* Falling coal prices hurting Indonesia’s small producers
* Some will close by year-end -industry association
By Michael Taylor
JAKARTA, June 18 (Reuters) - Plunging thermal coal prices will force some small and low-margin producers in Indonesia out of business before year-end, an industry group said, cutting output capacity in the world’s top exporter.
The benchmark for Asian coal prices has dropped 16 percent so far this year and has traded at its lowest level since late 2009 on fears of slowing growth in demand from China, the world’s No.2 economy. It dropped to $72.38 a tonne in the week to June 13.
“It is in panic mode,” said Bob Kamandanu, chairman of Indonesia’s Coal Mining Association, when asked about the industry.
“Towards the end of the year, if there is no good news and if the price stays between $72-$73 ... some companies will stop and go out of business,” he told Reuters on Wednesday.
But he added that Indonesian production would likely remain flat this year and next at around 420 million tonnes, as a possible 30-million tonne reduction in output as small mines closed would be offset as larger companies ramped up mining.
A Reuters survey of the top six producers in March found all aimed to boost production this year to compensate for continuing low prices. Those firms include Bumi Resources, Adaro and Berau Coal Energy.
Domestic coal demand will jump 29 percent to 90 million tonnes this year and remain unchanged in 2015, said Kamandanu, as more power plants start operating in the Southeast Asian nation.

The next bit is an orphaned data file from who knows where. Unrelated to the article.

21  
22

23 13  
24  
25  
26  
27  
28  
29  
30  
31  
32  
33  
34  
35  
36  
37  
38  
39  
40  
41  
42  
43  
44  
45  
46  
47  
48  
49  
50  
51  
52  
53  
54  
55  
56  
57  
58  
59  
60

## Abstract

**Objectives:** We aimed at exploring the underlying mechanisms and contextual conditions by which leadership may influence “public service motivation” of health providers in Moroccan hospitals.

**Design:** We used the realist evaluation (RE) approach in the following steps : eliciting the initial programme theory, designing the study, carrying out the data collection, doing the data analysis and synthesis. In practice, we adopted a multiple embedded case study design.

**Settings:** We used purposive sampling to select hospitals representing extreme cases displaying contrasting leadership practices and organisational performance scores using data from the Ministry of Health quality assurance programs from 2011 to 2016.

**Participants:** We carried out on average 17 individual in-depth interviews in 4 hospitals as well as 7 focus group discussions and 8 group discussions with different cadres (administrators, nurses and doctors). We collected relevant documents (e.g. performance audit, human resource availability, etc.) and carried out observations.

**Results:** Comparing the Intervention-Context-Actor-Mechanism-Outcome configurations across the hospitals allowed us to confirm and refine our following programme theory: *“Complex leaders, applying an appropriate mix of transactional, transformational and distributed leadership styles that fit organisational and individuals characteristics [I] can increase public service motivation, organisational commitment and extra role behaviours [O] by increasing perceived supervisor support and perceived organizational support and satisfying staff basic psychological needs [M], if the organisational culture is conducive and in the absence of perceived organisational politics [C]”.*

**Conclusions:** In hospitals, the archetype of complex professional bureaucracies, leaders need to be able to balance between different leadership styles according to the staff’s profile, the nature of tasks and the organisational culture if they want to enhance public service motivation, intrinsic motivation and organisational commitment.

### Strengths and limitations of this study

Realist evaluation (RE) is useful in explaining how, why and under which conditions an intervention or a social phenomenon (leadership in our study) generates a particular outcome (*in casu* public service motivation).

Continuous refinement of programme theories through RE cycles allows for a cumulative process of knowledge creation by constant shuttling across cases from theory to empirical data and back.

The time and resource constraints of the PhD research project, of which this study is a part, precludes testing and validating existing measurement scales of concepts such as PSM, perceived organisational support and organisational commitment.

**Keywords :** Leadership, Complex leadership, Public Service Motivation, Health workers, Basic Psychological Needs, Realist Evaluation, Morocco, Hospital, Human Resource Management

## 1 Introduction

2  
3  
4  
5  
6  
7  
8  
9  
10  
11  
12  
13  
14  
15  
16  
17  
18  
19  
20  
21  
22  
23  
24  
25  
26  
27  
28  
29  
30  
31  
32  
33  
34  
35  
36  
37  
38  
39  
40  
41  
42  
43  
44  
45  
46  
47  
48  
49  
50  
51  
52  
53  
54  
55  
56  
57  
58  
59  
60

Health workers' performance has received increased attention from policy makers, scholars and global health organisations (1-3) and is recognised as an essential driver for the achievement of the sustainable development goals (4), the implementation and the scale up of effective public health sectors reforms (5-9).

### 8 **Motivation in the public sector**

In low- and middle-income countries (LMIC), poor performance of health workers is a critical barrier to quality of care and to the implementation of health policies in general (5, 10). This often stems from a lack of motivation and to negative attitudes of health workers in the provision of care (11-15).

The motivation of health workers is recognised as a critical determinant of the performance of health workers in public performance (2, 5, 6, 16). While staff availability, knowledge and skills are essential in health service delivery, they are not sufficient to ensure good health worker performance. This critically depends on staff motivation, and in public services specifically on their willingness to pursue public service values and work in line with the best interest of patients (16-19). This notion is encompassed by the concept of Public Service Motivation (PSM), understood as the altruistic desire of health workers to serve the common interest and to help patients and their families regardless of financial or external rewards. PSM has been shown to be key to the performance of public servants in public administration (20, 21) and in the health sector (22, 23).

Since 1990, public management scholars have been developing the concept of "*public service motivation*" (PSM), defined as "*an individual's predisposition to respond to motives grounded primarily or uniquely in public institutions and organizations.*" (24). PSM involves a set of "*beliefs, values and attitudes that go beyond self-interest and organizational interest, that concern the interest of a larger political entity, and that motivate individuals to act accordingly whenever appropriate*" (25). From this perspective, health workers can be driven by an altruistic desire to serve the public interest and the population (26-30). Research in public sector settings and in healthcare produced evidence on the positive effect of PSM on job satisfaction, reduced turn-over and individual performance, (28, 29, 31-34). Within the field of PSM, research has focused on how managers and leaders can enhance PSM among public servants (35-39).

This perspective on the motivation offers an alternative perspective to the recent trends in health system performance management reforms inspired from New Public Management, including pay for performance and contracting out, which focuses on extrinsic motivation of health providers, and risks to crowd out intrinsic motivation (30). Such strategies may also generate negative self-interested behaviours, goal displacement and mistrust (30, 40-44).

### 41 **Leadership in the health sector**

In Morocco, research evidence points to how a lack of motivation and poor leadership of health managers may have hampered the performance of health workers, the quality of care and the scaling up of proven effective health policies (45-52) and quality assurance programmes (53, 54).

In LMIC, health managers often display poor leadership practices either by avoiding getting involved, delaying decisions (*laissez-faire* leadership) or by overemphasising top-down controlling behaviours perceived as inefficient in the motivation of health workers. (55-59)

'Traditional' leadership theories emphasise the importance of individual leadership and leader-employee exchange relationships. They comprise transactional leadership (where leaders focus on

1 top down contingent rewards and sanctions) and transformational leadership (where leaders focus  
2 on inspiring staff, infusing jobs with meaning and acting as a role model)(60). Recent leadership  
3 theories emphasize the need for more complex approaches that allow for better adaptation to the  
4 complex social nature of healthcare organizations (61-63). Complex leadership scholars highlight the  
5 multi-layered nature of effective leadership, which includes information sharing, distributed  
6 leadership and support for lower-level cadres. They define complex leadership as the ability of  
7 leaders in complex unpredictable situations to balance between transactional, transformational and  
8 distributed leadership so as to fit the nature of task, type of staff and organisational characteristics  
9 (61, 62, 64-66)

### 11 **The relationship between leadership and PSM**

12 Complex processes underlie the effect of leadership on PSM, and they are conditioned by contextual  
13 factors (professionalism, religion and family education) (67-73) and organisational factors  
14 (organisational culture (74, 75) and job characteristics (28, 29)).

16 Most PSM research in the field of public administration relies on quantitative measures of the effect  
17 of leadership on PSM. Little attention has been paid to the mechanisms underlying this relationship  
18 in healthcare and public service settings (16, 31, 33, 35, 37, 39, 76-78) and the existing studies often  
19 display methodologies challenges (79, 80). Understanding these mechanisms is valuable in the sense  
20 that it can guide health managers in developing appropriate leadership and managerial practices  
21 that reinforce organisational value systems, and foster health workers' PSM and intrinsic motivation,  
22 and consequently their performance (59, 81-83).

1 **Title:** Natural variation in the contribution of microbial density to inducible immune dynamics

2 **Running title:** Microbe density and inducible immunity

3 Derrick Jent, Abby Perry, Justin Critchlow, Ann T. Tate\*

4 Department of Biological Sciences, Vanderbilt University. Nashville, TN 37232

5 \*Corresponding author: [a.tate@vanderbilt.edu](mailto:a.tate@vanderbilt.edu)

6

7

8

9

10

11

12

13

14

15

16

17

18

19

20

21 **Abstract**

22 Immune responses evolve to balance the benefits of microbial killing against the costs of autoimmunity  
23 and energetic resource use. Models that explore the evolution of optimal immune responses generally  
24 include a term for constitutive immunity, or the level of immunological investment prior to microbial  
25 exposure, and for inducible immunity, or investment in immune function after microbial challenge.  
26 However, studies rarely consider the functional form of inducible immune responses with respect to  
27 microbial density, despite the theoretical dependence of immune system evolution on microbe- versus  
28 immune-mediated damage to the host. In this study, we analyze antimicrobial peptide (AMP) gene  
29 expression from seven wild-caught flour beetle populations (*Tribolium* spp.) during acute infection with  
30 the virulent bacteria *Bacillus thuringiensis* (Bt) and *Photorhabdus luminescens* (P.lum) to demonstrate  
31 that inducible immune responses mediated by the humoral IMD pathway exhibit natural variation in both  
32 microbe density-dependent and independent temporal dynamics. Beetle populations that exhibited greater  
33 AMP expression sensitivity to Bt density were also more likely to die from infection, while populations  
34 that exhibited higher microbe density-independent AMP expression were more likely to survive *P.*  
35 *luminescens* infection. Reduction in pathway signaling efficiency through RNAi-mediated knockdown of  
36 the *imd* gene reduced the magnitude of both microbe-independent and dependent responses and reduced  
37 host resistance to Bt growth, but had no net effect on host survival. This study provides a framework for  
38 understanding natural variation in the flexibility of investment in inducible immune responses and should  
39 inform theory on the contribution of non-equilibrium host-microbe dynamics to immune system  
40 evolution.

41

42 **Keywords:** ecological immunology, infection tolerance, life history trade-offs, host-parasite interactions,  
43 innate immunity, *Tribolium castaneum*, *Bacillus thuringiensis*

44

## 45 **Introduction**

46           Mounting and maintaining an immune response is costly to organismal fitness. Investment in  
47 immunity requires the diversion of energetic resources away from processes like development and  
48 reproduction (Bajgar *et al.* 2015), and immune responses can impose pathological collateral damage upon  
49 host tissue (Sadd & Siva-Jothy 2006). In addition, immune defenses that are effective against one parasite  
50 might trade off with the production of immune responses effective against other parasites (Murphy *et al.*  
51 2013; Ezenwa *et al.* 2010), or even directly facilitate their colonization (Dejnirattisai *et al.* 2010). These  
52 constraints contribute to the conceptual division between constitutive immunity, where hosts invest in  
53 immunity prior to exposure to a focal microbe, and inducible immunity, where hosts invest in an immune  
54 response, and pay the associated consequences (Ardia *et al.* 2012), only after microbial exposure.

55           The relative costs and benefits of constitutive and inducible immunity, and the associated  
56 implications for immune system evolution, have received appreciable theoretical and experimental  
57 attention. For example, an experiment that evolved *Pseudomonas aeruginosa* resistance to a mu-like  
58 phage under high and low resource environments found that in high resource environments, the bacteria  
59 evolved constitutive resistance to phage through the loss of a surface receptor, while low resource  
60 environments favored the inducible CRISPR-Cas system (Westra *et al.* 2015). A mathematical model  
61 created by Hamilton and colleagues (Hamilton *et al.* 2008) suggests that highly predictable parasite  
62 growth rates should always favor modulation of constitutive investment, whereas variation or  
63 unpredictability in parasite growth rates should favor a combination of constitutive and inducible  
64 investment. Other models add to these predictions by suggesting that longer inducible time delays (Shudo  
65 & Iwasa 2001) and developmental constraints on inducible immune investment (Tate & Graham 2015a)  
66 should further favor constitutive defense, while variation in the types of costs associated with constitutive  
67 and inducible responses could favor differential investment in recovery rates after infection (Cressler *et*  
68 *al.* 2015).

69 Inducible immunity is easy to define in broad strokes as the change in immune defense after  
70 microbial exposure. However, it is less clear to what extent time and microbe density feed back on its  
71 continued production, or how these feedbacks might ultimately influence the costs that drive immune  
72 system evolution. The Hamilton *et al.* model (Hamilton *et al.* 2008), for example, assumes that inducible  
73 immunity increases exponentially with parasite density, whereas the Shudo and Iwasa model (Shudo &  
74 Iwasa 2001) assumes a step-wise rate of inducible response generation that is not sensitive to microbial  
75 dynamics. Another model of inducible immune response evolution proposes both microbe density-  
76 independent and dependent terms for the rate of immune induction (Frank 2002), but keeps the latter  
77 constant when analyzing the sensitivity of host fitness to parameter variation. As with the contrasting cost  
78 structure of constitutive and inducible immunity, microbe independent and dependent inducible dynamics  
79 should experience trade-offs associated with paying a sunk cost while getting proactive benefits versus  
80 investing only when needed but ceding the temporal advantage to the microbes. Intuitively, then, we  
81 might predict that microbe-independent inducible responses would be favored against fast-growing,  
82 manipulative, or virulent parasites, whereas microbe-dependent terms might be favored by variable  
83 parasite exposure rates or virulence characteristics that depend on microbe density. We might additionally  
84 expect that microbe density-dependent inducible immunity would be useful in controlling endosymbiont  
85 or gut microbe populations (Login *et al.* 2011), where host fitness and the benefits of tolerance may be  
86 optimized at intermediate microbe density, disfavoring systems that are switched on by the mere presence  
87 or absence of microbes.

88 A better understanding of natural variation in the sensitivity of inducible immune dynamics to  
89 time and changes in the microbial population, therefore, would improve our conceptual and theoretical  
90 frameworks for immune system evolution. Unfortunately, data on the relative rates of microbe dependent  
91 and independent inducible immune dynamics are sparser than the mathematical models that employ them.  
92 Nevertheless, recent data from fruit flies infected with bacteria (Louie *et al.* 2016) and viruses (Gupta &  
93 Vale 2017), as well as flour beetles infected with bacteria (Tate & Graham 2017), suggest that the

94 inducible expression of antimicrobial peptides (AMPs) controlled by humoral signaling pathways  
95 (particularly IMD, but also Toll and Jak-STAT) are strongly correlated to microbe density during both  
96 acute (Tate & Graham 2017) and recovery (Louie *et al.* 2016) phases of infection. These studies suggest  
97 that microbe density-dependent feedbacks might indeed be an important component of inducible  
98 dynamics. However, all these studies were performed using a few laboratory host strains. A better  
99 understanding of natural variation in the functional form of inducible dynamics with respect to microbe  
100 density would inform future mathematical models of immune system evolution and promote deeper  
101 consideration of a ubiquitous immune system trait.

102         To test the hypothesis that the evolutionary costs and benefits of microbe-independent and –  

Top overseas buyers of Indonesian thermal coal include China, India, South Korea, Japan and Taiwan, said Kamandanu, adding that prices could recover to average $80 a tonne in the second half of next year.
Indonesia is considering new regulations to limit coal production and tighten controls on exports, government officials said earlier this month, and could introduce the rules by early July.
But with campaigning underway ahead of the presidential election on July 9 and a new government to be inaugurated in October, Kamandanu urged the government to stop.
“Don’t do anything - let a new government change things,” said Kamandanu, who is also the chief executive at exploration firm PT Delma Mining Corporation.
“I want it to be put on hold. Let this be the responsibility of the new government.”
The outgoing administration of President Susilo Bambang Yudhoyono has also been mulling a hike in royalties paid on coal sales by holders of so-called IUP mining licences, from the current 3-7 percent.
The government has proposed raising royalties to 7-12 percent when benchmark prices go above $80 a tonne, said Kamandanu, whose group is instead lobbying for a $100 threshold and escalating royalty payments from that level.
IUP licences are normally held by smaller or newer miners so any change to royalties would not affect major miners that typically hold Coal Contract of Work permits, under which they pay 13.5 percent.
Kamandanu also called for more action to crack down on illegal mining.
Editing by Joseph Radford